markets

Rebate-Hating ‘Flash Boys’ Exchange Offers Discount to Traders

Updated on
  • Rebates are ‘biggest problem in markets,’ IEX CEO once said
  • Argues its new discount doesn’t pose a conflict of interest

Brad Katsuyama at the company's office in New York on Feb. 5, 2016.

Photographer: Chris Goodney

IEX Group Inc.’s top executive once called the rebates his stock exchange rivals pay some customers the “biggest problem in markets.” Now, Brad Katsuyama’s company is introducing a discount program that’s puzzled some observers.

The exchange, whose fight against parts of the market it viewed as unfair was made famous by Michael Lewis’s “Flash Boys,” argued the program it revealed Thursday isn’t conflicted like the one Intercontinental Exchange Inc.’s NYSE Group, Nasdaq Inc. and Cboe Global Markets Inc. use to entice traders.

IEX called its new system “a discount, not a rebate” in a blog post describing the changes.

“Not offering rebates ... but fee discounts,” Larry Tabb, who founded capital markets research firm Tabb Group LLC, tweeted Thursday. “Not sure what the difference is.” Tabb also linked to the blog post, written by IEX Chief Strategy Officer Eric Stockland, and said, “Eric (who I truly respect) is tied up in knots explaining this.”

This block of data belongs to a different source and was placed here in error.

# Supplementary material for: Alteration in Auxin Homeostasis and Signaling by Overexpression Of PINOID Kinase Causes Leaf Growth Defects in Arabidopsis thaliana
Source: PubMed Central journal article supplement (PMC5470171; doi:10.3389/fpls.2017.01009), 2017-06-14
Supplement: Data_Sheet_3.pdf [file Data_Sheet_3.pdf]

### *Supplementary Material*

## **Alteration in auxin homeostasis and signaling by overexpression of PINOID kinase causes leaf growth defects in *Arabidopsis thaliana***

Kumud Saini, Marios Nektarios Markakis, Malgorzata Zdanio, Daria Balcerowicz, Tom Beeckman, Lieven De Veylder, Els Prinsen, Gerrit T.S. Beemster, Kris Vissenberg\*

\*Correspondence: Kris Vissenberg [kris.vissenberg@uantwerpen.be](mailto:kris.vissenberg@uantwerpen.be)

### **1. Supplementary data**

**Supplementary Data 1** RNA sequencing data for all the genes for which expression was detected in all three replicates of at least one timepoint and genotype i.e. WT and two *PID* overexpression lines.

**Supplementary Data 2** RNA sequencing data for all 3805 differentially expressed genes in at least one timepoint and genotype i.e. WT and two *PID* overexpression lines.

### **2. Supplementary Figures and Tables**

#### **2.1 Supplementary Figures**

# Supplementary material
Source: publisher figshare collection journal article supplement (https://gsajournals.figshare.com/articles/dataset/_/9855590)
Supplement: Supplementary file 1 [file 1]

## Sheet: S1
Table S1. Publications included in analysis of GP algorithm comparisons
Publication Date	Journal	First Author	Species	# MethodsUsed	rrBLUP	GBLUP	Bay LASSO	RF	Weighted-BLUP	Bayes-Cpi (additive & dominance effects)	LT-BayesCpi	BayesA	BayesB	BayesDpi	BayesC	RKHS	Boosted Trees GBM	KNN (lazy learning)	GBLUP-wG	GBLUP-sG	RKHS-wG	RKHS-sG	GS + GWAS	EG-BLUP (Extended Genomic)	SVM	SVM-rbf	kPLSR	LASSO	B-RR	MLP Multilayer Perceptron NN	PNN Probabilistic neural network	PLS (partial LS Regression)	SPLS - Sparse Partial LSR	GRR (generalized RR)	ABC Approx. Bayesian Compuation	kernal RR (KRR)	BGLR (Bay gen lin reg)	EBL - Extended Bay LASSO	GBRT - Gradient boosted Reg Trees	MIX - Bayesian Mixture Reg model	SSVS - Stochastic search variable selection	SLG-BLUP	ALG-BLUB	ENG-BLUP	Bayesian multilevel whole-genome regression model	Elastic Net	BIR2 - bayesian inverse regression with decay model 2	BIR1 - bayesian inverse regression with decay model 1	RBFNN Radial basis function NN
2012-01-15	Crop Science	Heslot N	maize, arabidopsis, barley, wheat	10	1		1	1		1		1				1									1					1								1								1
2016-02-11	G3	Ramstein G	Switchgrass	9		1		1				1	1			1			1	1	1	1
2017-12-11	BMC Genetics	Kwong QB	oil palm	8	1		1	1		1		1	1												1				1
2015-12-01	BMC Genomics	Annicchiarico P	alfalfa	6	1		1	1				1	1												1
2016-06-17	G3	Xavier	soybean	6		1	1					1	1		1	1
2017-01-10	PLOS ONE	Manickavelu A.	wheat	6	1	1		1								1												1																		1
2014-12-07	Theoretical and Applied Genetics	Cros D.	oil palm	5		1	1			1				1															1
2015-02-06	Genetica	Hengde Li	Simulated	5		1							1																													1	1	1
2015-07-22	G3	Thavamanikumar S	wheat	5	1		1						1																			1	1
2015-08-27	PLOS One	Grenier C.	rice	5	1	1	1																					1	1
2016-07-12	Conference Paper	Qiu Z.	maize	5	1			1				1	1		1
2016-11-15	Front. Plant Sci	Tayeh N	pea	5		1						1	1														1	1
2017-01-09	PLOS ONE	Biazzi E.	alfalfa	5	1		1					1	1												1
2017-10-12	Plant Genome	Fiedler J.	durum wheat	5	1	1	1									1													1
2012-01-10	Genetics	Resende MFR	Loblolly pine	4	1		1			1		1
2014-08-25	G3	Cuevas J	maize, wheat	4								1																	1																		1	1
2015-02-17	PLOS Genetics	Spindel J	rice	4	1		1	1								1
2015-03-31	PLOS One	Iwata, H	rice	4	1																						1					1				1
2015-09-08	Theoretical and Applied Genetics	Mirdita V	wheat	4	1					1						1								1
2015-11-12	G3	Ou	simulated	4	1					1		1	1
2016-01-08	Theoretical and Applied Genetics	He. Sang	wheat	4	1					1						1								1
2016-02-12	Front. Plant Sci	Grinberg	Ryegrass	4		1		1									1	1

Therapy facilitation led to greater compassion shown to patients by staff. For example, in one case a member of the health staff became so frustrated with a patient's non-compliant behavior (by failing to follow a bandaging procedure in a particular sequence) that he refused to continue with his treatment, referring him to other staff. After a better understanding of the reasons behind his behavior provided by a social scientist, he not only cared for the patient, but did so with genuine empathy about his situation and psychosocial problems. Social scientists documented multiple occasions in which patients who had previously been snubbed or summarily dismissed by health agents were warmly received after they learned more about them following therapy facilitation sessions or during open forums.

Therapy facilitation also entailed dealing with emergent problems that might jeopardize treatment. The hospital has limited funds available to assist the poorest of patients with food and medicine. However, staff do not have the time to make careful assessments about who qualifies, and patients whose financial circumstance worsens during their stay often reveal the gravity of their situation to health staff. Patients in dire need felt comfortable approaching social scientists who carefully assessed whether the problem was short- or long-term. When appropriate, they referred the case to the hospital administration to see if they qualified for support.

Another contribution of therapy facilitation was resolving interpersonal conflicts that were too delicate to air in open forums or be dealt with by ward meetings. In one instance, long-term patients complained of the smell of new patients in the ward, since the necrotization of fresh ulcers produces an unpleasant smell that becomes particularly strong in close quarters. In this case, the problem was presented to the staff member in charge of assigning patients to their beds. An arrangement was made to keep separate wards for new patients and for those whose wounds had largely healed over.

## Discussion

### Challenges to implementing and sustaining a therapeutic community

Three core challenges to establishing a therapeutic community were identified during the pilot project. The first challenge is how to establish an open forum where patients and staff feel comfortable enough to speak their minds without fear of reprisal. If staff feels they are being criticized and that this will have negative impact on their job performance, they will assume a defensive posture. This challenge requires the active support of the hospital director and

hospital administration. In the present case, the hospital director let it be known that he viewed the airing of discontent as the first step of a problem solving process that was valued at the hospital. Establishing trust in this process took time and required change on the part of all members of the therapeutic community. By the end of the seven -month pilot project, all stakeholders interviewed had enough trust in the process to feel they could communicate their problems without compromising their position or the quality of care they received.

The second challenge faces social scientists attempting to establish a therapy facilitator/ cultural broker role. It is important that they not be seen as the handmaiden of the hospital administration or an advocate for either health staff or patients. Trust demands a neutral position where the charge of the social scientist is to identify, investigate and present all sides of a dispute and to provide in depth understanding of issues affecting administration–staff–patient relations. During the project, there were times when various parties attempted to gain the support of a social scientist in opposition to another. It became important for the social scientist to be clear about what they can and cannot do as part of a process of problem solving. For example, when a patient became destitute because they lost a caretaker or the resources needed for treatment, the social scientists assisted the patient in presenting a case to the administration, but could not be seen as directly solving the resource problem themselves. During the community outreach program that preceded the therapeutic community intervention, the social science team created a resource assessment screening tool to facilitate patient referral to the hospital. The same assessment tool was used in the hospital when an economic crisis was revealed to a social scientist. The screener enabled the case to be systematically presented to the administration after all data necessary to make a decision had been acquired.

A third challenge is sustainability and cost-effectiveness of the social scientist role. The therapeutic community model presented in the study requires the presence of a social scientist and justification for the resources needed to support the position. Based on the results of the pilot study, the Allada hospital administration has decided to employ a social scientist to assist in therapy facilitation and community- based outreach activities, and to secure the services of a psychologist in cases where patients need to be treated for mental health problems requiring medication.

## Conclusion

Read More: Barroom Debate on Stock-Trading Fairness May Finally Be Decided

Right now, IEX charges traders either 3 cents or 9 cents per 100 shares to execute orders. Under the proposed IEX Enhanced Market Maker system, they would get a 1-cent-per-100-share discount when meeting certain requirements.

The change relates to its plan to introduce a corporate listing business this year to compete with NYSE and Nasdaq. Traders must quote IEX-listed stocks at or near the best industrywide price a certain amount of the time to get the discount.

At NYSE, Nasdaq and Cboe, it mostly works like this: Traders who post orders for others to trade against are given up to 30 cents per 100 shares. The problem, according to IEX, is this influences where brokers send orders, prompting them to send trades to venues that pay them the most, not where their customers would be best served. The exchanges argue the payments ensure their markets have enough liquidity.

“IEX is proud to offer a market-making program that doesn’t introduce a conflict into the marketplace,” Eric Stockland, IEX’s chief strategy officer, said in an emailed statement Thursday.

The U.S. Securities and Exchange Commission has plans to test whether the “maker-taker” system NYSE, Nasdaq and Cboe use is fair.

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